Which is scarier, the bugs or the Bug Baffler?


From the campground there was easy access to the trail to Warren Lake and we decided to head there on our bikes. We quickly realised just how long it was since our last bike ride, as we puffed and panted up the hilly road to the lake. The warped wheel and rubbing brake on Christine's bike certainly didn't help! 

The lakeshore trail was definitely bug country and Phil quickly donned his new Bug Baffler jacket, purchased in Maine for just such situations. We hoped to spot moose in the boggy terrain but were out of luck. Somehow when we made it back to the campsite, we still had enough energy for a walk to the beach. Here we enjoyed the spectacle of children body-boarding down the fast flowing river to the sea.

Views from the East Coast of Cape Breton Island

The next morning the weather on the eastern side of the Cape Breton island was clear and bright and we drove northwards up the Cabot Trail, enjoying the views and small fishing villages of Ingonish and Neil's Harbour on the way. At Neil's Harbour we opted for the alternative scenic route right around the coast. Despite the rough road, this turned out to be an excellent choice as we finally spotted our first moose, along the quieter forested route.

As we headed inland across the top of the island, over the pass through the island's mountains, a heavy mist began to roll down the west side of the island. We were disappointed as we'd hoped to hike the Skyline trail out onto a headland on the western coast. We decided to press on to the campground and keep an eye on the sky whilst eating lunch.

There's a moose, loose.......

Cabot Trail, west coast

As soon as the mist cleared we headed back to Skyline trailhead and were rewarded with stunning coastal views during the beautiful hike. Once we'd visited the boardwalk steps constructed on the headland to allow visitors to enjoy the views, whilst protecting the delicate flora on the rocky terrain, we opted to take the whole loop hike and suddenly lost all the crowds. During our stunning, peaceful, coastal hike we passed only a couple of other hikers. Surprisingly we spotted our second moose during this hike, not on the quiet section but right alongside the busy paved path to the boardwalk. The moose was snacking on tree growth right alongside the heavily travelled path, unconcerned about the crowds and making plenty of noise and she chomped happily on the leaves.

Our campground offered an evening campfire with entertainment by the Park Rangers. We were definitely in Acadian territories now, the French language much more widely used than in the other parts of New Brunswick and Nova Scotia we'd visited. The hungry mosquitoes finally persuaded us that there was only so much French folk song entertainment we could endure under duress and we headed back to the bug-free sanctuary of Harvey.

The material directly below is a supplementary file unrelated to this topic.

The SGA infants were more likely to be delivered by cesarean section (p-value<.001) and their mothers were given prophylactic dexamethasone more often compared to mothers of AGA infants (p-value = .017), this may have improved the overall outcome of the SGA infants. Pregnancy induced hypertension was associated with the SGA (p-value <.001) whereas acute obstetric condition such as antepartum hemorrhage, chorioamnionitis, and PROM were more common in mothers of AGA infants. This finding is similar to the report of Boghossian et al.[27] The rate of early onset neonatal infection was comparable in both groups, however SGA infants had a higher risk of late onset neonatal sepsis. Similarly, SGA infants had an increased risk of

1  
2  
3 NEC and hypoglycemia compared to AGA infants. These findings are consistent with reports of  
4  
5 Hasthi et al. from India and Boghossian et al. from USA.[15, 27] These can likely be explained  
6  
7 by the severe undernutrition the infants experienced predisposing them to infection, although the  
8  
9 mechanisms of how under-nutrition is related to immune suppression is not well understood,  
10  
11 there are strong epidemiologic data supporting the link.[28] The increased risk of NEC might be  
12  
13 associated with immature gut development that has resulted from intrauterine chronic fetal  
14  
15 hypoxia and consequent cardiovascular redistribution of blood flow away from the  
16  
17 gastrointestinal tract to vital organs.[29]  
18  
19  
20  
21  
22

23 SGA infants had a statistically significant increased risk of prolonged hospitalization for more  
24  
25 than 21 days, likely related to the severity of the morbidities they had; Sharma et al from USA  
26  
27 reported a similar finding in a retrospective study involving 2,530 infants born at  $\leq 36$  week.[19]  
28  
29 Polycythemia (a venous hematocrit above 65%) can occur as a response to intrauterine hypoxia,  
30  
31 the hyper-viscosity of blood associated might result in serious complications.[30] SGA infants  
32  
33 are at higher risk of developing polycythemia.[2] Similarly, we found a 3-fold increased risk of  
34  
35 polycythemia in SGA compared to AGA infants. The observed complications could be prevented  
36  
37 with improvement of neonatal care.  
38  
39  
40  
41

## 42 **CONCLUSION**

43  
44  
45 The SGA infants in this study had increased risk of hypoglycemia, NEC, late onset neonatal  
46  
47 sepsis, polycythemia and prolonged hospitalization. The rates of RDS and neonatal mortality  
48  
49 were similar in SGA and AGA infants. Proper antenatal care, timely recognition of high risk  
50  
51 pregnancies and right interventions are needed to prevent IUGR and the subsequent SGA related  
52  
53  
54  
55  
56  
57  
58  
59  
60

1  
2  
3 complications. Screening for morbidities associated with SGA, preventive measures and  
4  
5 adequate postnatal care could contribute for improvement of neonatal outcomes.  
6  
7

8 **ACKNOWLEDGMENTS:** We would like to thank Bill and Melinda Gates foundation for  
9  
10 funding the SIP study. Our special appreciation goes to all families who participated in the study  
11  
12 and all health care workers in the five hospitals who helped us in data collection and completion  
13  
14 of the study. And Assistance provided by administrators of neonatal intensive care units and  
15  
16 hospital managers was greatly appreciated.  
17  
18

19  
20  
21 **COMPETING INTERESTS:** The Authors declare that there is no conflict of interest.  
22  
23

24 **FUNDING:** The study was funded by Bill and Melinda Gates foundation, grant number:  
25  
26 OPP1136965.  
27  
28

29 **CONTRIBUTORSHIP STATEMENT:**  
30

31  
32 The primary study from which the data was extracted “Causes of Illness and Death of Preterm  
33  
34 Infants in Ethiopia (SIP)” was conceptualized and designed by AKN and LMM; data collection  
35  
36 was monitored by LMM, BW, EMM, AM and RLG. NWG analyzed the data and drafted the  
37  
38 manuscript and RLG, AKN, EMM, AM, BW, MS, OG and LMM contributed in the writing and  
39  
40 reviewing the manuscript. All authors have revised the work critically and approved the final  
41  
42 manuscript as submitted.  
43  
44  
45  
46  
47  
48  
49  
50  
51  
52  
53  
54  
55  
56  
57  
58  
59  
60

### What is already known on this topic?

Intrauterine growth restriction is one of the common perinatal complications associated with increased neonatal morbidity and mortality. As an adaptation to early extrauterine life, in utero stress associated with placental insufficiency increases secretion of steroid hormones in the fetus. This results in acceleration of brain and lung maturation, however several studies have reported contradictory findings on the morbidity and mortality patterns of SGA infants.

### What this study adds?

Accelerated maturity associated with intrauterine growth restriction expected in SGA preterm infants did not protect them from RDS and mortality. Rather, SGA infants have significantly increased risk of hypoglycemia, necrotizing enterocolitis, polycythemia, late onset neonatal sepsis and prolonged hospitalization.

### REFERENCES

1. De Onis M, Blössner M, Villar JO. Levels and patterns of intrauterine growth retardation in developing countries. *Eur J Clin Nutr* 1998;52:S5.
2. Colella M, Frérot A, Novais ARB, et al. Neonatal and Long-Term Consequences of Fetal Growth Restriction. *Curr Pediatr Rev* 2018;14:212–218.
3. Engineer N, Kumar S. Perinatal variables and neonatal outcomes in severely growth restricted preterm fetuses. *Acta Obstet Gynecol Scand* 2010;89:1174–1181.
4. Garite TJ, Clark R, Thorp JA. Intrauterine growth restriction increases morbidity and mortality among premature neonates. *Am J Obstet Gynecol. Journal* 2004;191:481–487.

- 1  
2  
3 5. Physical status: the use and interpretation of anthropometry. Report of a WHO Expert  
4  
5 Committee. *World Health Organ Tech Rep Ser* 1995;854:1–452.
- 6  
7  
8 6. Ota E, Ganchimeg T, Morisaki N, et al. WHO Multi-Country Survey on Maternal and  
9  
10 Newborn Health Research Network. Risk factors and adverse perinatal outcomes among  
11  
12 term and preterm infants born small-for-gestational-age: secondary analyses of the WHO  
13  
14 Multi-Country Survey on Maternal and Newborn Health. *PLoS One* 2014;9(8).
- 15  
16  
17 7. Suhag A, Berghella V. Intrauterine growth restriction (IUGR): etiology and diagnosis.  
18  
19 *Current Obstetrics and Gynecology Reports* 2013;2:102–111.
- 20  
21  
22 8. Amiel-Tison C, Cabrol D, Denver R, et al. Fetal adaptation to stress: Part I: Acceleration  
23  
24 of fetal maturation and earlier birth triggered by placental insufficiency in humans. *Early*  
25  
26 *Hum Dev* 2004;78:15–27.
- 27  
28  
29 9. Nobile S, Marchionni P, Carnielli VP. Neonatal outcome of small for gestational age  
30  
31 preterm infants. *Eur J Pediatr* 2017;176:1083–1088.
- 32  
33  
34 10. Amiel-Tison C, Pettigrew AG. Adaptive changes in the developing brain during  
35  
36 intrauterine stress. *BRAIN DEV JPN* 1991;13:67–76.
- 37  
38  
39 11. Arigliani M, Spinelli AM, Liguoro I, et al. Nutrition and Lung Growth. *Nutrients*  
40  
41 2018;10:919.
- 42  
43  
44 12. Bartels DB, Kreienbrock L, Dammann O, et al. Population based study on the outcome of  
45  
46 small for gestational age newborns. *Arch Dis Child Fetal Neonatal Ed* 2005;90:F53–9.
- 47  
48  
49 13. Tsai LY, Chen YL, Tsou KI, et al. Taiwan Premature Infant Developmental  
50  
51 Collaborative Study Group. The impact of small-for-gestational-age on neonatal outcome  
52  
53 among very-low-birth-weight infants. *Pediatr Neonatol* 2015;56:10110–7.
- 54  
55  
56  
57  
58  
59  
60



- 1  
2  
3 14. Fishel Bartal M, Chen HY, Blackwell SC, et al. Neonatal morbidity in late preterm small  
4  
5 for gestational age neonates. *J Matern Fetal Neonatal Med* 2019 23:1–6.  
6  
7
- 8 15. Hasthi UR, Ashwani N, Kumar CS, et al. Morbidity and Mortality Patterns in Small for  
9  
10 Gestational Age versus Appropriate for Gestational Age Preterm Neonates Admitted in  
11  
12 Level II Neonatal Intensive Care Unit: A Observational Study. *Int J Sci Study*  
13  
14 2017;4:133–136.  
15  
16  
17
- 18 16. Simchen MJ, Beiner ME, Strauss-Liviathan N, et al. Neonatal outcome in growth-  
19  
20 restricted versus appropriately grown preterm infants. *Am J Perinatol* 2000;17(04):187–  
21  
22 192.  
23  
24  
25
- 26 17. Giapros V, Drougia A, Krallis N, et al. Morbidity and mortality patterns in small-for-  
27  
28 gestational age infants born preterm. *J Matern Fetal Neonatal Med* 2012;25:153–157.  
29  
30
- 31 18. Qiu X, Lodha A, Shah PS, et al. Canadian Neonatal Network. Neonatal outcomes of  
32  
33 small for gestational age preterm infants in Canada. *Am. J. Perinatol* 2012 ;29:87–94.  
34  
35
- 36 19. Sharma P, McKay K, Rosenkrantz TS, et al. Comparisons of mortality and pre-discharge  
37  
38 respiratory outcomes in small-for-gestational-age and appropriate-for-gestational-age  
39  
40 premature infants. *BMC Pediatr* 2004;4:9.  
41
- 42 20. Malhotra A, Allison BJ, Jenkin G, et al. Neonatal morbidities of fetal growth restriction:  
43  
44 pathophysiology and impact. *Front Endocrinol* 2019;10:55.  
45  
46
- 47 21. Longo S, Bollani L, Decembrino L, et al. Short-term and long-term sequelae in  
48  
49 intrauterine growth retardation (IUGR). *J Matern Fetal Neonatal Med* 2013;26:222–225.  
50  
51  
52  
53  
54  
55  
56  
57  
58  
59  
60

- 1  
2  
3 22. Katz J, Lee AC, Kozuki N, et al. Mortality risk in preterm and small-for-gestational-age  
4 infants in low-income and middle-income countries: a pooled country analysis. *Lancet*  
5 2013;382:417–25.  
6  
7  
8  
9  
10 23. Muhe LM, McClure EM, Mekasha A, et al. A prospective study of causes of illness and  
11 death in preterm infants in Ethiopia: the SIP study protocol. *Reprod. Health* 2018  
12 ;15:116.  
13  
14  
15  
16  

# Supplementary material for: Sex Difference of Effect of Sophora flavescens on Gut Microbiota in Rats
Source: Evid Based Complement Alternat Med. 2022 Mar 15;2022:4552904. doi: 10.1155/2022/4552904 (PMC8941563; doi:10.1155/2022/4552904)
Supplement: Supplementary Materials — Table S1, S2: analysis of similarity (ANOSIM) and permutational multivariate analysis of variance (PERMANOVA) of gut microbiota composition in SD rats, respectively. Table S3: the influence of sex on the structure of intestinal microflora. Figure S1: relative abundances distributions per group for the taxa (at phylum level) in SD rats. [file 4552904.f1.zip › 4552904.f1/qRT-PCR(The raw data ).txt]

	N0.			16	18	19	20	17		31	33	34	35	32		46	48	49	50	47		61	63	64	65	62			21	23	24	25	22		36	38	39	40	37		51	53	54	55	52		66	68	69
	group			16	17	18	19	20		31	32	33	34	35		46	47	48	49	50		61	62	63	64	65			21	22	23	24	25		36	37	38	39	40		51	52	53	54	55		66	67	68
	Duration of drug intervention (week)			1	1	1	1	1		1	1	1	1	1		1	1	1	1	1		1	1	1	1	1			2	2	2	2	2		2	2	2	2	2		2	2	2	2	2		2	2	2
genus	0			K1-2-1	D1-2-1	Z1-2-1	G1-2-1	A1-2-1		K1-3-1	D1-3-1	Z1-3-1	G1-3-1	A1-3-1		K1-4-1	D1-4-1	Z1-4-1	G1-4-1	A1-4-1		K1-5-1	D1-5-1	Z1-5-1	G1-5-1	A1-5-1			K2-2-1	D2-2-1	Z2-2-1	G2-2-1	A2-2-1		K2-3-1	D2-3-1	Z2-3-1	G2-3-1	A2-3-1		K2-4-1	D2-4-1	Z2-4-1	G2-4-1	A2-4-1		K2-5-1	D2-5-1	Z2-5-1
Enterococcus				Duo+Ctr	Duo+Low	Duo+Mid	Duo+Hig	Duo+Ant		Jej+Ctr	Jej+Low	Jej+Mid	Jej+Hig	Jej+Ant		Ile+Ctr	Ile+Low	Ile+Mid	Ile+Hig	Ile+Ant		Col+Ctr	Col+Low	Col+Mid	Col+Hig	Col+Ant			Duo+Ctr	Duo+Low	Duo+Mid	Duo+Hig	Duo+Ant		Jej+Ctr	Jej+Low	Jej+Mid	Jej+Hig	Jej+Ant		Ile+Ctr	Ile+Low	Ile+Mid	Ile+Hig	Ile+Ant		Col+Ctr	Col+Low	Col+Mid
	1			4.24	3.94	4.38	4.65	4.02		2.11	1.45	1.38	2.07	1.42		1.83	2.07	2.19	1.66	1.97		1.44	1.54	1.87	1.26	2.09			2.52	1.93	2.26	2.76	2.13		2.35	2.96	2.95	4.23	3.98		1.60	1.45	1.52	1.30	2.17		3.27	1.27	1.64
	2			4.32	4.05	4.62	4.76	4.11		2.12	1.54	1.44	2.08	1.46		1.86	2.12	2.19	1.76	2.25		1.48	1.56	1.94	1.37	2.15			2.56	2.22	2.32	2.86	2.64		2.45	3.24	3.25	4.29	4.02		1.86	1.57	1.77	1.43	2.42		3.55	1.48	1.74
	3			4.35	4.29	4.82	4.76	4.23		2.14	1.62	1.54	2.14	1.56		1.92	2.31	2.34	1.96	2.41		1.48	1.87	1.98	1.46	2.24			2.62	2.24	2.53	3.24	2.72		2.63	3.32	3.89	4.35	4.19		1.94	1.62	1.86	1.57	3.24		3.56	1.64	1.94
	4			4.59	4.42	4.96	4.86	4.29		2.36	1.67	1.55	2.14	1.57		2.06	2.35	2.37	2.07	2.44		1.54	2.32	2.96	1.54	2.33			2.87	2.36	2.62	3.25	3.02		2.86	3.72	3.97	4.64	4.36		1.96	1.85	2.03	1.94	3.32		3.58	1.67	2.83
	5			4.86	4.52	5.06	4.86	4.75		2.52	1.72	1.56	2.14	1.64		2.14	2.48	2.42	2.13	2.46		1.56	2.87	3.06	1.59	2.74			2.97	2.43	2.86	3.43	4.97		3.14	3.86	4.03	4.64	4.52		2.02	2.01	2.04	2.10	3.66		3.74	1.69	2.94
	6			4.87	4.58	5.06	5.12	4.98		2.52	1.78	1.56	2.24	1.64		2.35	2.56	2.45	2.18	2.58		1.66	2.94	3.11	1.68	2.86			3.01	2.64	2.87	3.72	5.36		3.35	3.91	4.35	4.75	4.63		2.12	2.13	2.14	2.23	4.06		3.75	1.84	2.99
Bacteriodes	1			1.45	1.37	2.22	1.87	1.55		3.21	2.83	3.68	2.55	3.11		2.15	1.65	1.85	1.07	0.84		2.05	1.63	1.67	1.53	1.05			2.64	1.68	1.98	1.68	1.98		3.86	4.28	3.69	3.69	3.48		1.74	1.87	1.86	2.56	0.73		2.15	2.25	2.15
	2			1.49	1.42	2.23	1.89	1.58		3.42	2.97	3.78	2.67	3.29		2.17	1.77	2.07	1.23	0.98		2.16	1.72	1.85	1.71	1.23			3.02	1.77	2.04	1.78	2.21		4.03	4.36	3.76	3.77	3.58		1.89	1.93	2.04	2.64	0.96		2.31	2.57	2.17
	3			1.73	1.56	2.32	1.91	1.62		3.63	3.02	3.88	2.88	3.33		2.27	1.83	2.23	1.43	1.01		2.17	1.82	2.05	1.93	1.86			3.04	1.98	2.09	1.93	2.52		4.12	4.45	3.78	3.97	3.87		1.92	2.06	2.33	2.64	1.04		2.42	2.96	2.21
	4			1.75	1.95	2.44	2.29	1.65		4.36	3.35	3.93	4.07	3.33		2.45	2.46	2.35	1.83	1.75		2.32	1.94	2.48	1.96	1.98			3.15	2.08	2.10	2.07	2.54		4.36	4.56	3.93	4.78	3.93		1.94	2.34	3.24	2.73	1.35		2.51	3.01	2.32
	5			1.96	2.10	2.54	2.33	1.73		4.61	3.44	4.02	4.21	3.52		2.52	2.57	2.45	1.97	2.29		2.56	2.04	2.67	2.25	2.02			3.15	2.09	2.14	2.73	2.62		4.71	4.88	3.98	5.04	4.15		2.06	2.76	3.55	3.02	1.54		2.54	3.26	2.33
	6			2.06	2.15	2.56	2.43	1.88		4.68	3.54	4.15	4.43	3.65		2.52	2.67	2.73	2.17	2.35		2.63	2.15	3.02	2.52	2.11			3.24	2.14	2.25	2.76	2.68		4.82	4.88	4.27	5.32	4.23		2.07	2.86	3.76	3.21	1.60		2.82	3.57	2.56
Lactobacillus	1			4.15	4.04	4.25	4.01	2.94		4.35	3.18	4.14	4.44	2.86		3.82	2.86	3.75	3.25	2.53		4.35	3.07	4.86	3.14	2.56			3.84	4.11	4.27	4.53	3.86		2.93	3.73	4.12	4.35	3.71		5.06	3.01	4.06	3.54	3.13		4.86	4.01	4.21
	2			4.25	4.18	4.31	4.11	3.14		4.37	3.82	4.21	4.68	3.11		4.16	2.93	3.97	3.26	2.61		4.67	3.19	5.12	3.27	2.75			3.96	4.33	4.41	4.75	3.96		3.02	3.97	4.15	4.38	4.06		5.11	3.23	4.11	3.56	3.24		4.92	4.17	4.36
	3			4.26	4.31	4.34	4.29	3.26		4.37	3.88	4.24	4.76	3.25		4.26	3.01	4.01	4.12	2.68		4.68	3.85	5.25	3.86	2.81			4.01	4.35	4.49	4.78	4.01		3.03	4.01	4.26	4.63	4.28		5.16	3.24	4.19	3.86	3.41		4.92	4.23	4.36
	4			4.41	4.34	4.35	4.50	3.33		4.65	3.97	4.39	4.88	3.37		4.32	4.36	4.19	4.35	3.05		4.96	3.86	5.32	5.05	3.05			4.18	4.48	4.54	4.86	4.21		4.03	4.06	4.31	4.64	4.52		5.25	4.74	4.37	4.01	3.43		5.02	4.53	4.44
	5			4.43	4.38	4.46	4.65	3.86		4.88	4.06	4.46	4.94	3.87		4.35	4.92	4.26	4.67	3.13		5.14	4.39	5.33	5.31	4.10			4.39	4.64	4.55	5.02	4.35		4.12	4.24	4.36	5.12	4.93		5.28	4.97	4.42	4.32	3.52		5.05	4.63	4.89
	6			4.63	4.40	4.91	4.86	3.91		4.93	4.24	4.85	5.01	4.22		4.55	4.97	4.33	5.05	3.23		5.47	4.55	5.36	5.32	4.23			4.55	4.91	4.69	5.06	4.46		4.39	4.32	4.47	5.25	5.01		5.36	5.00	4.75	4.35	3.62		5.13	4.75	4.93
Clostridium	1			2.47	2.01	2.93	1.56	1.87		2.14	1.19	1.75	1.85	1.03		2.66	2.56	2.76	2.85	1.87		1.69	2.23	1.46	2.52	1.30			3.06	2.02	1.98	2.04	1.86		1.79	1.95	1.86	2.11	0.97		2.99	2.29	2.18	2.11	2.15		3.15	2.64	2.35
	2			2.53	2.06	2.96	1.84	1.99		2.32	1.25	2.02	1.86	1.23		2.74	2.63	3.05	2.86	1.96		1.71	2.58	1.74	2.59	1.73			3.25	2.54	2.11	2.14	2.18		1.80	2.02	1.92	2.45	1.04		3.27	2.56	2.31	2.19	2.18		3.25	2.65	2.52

Next morning we took a wooded walk along the coast, beginning near the campground. The "Le Buttereau" trail passed by the ruins of old Acadian small holdings, where the family names and large numbers of children they'd had were displayed. We were amazed on turning into the open area, which the families had previously cultivated to encounter and entire field of wild roses, the fragrance was amazing!


Before leaving the Acadian territories, we had one important priority. We needed to track down and enjoy a "petit pain au chocolat", or chocolate croissant. In the entirely French-speaking town of Cheticamp, we had our chance, we tracked down the "Aucoin" bakery. Seemingly many of the people in town were of the Aucoin family. With true French attitude, the bakery assistant handed over our croissants and we retreated timidly to Harvey to enjoy them!

On the return trip to Baddeck, we made a stop at the Margaree Salmon Museum. In the historic schoolhouse, housing the museum, the fisherman particularly enjoyed the historical photographs of catches from the nearby river and the large collection of fishing memorabilia and flies.

Back at Baddeck we managed to catch up with Rob again, between long shifts in the emergency room of the areas hospital. Summer nightshift in casualty is apparently busy with people who drive drunk and others who insist on jumping into water which is shallower than they expect. Barbara was busy with the evening shift at the local pharmacy but we had dinner waiting for her on her return.